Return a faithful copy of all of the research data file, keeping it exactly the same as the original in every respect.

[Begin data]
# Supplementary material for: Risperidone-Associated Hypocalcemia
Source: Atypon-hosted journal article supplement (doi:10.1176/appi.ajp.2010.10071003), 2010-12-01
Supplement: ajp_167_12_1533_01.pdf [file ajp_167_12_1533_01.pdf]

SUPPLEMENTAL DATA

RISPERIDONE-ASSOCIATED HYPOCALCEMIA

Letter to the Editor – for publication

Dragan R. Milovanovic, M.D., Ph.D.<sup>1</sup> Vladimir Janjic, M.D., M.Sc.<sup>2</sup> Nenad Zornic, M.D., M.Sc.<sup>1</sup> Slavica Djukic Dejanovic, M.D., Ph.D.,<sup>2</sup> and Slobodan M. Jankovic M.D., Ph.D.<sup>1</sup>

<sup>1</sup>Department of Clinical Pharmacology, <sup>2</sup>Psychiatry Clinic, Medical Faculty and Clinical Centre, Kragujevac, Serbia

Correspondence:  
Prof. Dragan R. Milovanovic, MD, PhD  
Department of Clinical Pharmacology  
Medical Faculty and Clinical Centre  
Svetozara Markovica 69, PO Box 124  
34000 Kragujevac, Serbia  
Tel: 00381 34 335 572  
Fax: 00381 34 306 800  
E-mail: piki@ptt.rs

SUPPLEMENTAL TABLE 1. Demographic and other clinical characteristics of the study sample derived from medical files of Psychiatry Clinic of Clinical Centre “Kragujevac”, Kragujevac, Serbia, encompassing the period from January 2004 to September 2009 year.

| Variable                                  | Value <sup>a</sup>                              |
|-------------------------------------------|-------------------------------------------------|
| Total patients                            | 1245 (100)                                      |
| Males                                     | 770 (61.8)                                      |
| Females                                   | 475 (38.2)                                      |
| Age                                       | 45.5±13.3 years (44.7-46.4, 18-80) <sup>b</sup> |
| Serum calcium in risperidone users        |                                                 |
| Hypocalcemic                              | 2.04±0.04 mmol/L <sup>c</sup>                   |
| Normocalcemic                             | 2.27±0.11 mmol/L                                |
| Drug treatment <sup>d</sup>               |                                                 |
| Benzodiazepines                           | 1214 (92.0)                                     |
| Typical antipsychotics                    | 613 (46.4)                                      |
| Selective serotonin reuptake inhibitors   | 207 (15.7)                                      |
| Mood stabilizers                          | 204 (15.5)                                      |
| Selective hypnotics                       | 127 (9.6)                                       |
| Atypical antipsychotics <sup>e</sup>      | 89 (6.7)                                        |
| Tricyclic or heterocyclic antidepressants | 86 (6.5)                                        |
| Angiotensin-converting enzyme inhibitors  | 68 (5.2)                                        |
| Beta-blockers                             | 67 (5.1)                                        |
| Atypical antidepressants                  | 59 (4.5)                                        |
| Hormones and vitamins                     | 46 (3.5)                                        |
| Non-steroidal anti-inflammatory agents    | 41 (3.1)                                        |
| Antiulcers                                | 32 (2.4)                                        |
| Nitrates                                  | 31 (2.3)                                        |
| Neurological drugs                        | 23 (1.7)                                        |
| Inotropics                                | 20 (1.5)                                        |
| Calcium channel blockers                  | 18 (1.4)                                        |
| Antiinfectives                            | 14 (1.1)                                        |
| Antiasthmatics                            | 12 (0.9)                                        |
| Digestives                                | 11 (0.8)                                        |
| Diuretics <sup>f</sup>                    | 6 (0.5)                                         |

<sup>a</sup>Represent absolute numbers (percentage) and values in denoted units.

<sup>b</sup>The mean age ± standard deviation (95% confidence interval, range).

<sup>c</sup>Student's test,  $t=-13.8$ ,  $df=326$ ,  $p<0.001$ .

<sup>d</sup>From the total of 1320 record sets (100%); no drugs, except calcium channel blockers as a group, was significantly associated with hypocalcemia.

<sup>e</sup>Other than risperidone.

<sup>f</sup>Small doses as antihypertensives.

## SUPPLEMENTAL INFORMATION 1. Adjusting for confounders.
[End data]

# Supplementary material for: Risperidone-Associated Hypocalcemia
Source: Atypon-hosted journal article supplement (doi:10.1176/appi.ajp.2010.10071003), 2010-12-01
Supplement: ajp_167_12_1533_01.pdf [file ajp_167_12_1533_01.pdf]

SUPPLEMENTAL DATA

RISPERIDONE-ASSOCIATED HYPOCALCEMIA

Letter to the Editor – for publication

Dragan R. Milovanovic, M.D., Ph.D.<sup>1</sup> Vladimir Janjic, M.D., M.Sc.<sup>2</sup> Nenad Zornic, M.D., M.Sc.<sup>1</sup> Slavica Djukic Dejanovic, M.D., Ph.D.,<sup>2</sup> and Slobodan M. Jankovic M.D., Ph.D.<sup>1</sup>

<sup>1</sup>Department of Clinical Pharmacology, <sup>2</sup>Psychiatry Clinic, Medical Faculty and Clinical Centre, Kragujevac, Serbia

Correspondence:  
Prof. Dragan R. Milovanovic, MD, PhD  
Department of Clinical Pharmacology  
Medical Faculty and Clinical Centre  
Svetozara Markovica 69, PO Box 124  
34000 Kragujevac, Serbia  
Tel: 00381 34 335 572  
Fax: 00381 34 306 800  
E-mail: piki@ptt.rs

SUPPLEMENTAL TABLE 1. Demographic and other clinical characteristics of the study sample derived from medical files of Psychiatry Clinic of Clinical Centre “Kragujevac”, Kragujevac, Serbia, encompassing the period from January 2004 to September 2009 year.

| Variable                                  | Value <sup>a</sup>                              |
|-------------------------------------------|-------------------------------------------------|
| Total patients                            | 1245 (100)                                      |
| Males                                     | 770 (61.8)                                      |
| Females                                   | 475 (38.2)                                      |
| Age                                       | 45.5±13.3 years (44.7-46.4, 18-80) <sup>b</sup> |
| Serum calcium in risperidone users        |                                                 |
| Hypocalcemic                              | 2.04±0.04 mmol/L <sup>c</sup>                   |
| Normocalcemic                             | 2.27±0.11 mmol/L                                |
| Drug treatment <sup>d</sup>               |                                                 |
| Benzodiazepines                           | 1214 (92.0)                                     |
| Typical antipsychotics                    | 613 (46.4)                                      |
| Selective serotonin reuptake inhibitors   | 207 (15.7)                                      |
| Mood stabilizers                          | 204 (15.5)                                      |
| Selective hypnotics                       | 127 (9.6)                                       |
| Atypical antipsychotics <sup>e</sup>      | 89 (6.7)                                        |
| Tricyclic or heterocyclic antidepressants | 86 (6.5)                                        |
| Angiotensin-converting enzyme inhibitors  | 68 (5.2)                                        |
| Beta-blockers                             | 67 (5.1)                                        |
| Atypical antidepressants                  | 59 (4.5)                                        |
| Hormones and vitamins                     | 46 (3.5)                                        |
| Non-steroidal anti-inflammatory agents    | 41 (3.1)                                        |
| Antiulcers                                | 32 (2.4)                                        |
| Nitrates                                  | 31 (2.3)                                        |
| Neurological drugs                        | 23 (1.7)                                        |
| Inotropics                                | 20 (1.5)                                        |
| Calcium channel blockers                  | 18 (1.4)                                        |
| Antiinfectives                            | 14 (1.1)                                        |
| Antiasthmatics                            | 12 (0.9)                                        |
| Digestives                                | 11 (0.8)                                        |
| Diuretics <sup>f</sup>                    | 6 (0.5)                                         |

<sup>a</sup>Represent absolute numbers (percentage) and values in denoted units.

<sup>b</sup>The mean age ± standard deviation (95% confidence interval, range).

<sup>c</sup>Student's test,  $t=-13.8$ ,  $df=326$ ,  $p<0.001$ .

<sup>d</sup>From the total of 1320 record sets (100%); no drugs, except calcium channel blockers as a group, was significantly associated with hypocalcemia.

<sup>e</sup>Other than risperidone.

<sup>f</sup>Small doses as antihypertensives.

## SUPPLEMENTAL INFORMATION 1. Adjusting for confounders.